But Time putt a trick on him

The faeries in Susanna Clarke’s world are not friendly little creatures with magic wands, but the faeries of folklore: Dangerous creatures who live on the border between sanity and madness. This border is also a physical border. There are many places in England where you can cross into Faerie, often unawares. A bridge, a bush, a forest. Inside, time moves differently, and common sense is useless. Whether you’re chained to an insect-ridden bed or a guest at a wonderful palace may depend entirely on which eye you’re seeing with.

I’m not sure what I could say about Jonathan Strange & Mr Norell to do it justice. Luckily I’m not reviewing Clarke’s debut novel, but The Ladies of Grace Adieu and Other Stories, a collection of stories set in the same alternate England. These are the stories Clarke published during the ten years she spent writing Strange. The emphasis is more on women than in her novel, and more on faeries than on magic. The style is the same, 19th century fiction with eyebrows slightly raised, but lighter, without the oppressive mood of Strange‘s subplots.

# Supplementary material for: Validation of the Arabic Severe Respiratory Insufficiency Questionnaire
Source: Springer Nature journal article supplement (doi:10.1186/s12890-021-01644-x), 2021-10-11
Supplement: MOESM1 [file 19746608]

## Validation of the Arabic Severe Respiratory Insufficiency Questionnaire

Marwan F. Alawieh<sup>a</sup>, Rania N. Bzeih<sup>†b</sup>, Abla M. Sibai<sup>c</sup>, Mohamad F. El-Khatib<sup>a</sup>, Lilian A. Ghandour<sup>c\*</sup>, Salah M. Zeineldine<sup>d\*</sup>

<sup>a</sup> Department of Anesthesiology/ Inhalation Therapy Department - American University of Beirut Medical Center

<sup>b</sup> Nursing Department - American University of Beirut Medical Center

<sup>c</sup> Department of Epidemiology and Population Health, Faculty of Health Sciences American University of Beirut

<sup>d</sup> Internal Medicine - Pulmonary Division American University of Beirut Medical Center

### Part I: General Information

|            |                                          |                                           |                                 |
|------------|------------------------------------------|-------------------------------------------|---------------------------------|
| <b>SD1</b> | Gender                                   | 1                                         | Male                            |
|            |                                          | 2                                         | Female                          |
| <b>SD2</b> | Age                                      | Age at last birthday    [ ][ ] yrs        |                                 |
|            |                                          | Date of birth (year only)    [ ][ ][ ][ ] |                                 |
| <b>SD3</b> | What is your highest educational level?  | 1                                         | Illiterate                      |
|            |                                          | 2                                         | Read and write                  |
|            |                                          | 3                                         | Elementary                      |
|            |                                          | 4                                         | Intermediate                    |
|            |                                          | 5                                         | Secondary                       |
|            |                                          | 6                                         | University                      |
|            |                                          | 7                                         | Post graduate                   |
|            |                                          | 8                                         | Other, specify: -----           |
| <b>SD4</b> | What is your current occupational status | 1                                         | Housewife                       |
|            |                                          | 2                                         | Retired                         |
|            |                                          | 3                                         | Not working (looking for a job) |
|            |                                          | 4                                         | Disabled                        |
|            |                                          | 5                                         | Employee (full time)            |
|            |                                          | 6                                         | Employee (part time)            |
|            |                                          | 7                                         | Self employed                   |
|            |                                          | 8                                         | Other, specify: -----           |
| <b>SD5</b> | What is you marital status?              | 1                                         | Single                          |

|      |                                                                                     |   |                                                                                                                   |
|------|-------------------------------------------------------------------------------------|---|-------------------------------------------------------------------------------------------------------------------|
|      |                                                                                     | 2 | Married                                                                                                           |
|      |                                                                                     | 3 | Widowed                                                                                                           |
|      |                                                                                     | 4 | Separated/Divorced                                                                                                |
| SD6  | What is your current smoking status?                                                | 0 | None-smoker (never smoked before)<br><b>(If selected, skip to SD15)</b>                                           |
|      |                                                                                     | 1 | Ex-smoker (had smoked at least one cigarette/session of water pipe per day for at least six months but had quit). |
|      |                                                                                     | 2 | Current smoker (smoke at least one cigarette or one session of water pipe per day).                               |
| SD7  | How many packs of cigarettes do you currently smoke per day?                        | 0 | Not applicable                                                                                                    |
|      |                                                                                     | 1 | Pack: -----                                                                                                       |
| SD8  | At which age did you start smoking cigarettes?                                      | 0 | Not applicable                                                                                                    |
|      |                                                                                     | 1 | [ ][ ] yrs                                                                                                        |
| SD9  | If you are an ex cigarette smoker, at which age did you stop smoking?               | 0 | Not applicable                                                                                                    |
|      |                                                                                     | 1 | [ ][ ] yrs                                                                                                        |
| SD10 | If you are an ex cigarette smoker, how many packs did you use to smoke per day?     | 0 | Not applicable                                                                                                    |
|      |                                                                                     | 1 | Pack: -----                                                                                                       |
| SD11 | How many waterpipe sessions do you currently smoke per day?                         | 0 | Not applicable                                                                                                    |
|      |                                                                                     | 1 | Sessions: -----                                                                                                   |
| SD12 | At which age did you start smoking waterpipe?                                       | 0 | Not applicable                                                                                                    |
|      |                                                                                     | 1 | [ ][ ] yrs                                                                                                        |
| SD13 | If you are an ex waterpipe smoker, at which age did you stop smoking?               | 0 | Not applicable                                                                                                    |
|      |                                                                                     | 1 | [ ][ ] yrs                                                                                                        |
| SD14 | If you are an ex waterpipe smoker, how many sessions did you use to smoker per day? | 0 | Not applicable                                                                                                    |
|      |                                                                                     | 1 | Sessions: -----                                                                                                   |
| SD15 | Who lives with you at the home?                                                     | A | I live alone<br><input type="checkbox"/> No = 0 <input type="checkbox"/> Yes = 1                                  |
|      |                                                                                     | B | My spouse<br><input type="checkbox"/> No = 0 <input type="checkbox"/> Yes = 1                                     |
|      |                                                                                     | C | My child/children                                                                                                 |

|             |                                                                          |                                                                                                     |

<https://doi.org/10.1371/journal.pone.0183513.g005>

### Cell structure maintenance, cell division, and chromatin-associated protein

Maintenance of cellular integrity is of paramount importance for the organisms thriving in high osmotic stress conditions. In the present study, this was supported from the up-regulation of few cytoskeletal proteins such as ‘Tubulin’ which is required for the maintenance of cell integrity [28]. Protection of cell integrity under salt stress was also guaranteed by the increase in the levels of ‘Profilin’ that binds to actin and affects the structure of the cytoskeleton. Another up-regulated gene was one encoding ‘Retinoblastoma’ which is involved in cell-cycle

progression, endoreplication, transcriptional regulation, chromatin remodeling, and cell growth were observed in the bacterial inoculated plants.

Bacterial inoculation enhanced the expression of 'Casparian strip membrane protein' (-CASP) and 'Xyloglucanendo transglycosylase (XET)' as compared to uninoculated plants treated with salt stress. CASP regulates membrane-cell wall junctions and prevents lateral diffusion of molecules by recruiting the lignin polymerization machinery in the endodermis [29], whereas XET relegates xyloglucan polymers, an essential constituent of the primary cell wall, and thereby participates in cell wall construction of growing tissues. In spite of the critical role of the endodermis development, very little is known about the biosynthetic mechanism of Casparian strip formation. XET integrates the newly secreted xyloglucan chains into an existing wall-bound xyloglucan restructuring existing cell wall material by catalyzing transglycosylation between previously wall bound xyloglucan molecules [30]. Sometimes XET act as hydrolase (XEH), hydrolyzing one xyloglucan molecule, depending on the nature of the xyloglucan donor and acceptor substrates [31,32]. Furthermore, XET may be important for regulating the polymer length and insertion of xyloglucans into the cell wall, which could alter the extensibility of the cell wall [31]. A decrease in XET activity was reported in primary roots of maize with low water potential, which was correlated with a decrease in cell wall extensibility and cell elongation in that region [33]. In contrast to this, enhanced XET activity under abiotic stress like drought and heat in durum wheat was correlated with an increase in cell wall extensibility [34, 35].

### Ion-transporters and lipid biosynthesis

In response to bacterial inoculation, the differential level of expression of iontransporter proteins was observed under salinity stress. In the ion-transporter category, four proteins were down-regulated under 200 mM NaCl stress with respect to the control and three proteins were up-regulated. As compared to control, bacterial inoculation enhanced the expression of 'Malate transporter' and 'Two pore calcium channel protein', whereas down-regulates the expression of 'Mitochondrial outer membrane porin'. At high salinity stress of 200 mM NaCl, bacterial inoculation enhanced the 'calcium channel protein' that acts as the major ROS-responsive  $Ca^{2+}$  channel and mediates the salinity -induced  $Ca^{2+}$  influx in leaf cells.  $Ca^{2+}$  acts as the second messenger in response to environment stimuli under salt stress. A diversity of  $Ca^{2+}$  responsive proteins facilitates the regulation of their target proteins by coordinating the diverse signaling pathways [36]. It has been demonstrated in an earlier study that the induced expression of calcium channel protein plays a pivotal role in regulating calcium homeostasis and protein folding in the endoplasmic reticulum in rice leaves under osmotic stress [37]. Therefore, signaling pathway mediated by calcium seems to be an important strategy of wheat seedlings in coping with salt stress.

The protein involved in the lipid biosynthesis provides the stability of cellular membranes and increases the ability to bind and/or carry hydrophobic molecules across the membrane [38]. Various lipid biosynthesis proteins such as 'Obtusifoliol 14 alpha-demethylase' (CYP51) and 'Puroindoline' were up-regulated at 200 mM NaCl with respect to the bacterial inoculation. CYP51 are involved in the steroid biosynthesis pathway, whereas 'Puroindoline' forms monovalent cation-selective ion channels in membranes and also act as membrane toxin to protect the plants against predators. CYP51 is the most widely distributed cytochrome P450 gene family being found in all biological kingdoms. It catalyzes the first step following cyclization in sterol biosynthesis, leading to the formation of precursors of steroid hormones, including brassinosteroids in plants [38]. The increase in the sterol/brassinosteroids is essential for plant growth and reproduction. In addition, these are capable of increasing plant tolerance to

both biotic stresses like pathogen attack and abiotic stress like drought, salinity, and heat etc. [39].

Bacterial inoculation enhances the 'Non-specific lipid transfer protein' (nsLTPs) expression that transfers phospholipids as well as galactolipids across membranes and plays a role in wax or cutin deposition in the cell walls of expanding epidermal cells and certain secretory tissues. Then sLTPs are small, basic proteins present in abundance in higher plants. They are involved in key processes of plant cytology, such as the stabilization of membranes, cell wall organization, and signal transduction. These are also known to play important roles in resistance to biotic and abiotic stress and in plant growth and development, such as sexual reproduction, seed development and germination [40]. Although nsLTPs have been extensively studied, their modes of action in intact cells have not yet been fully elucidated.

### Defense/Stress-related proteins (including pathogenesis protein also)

This is a clear recommendation for anyone who liked Strange. Another recommendation: Hope Mirrlees’s Lud-in-the-Mist, Clarke’s 1926 forerunner. Lud-in-the-Mist uses the same theme of a land of common sense and a Faerie land of madness that border each other, with people crossing from one to the other with curious results. Strange is more accomplished, with its alternate history of English magic, but what made it great was also there in Lud-in-the-Mist.

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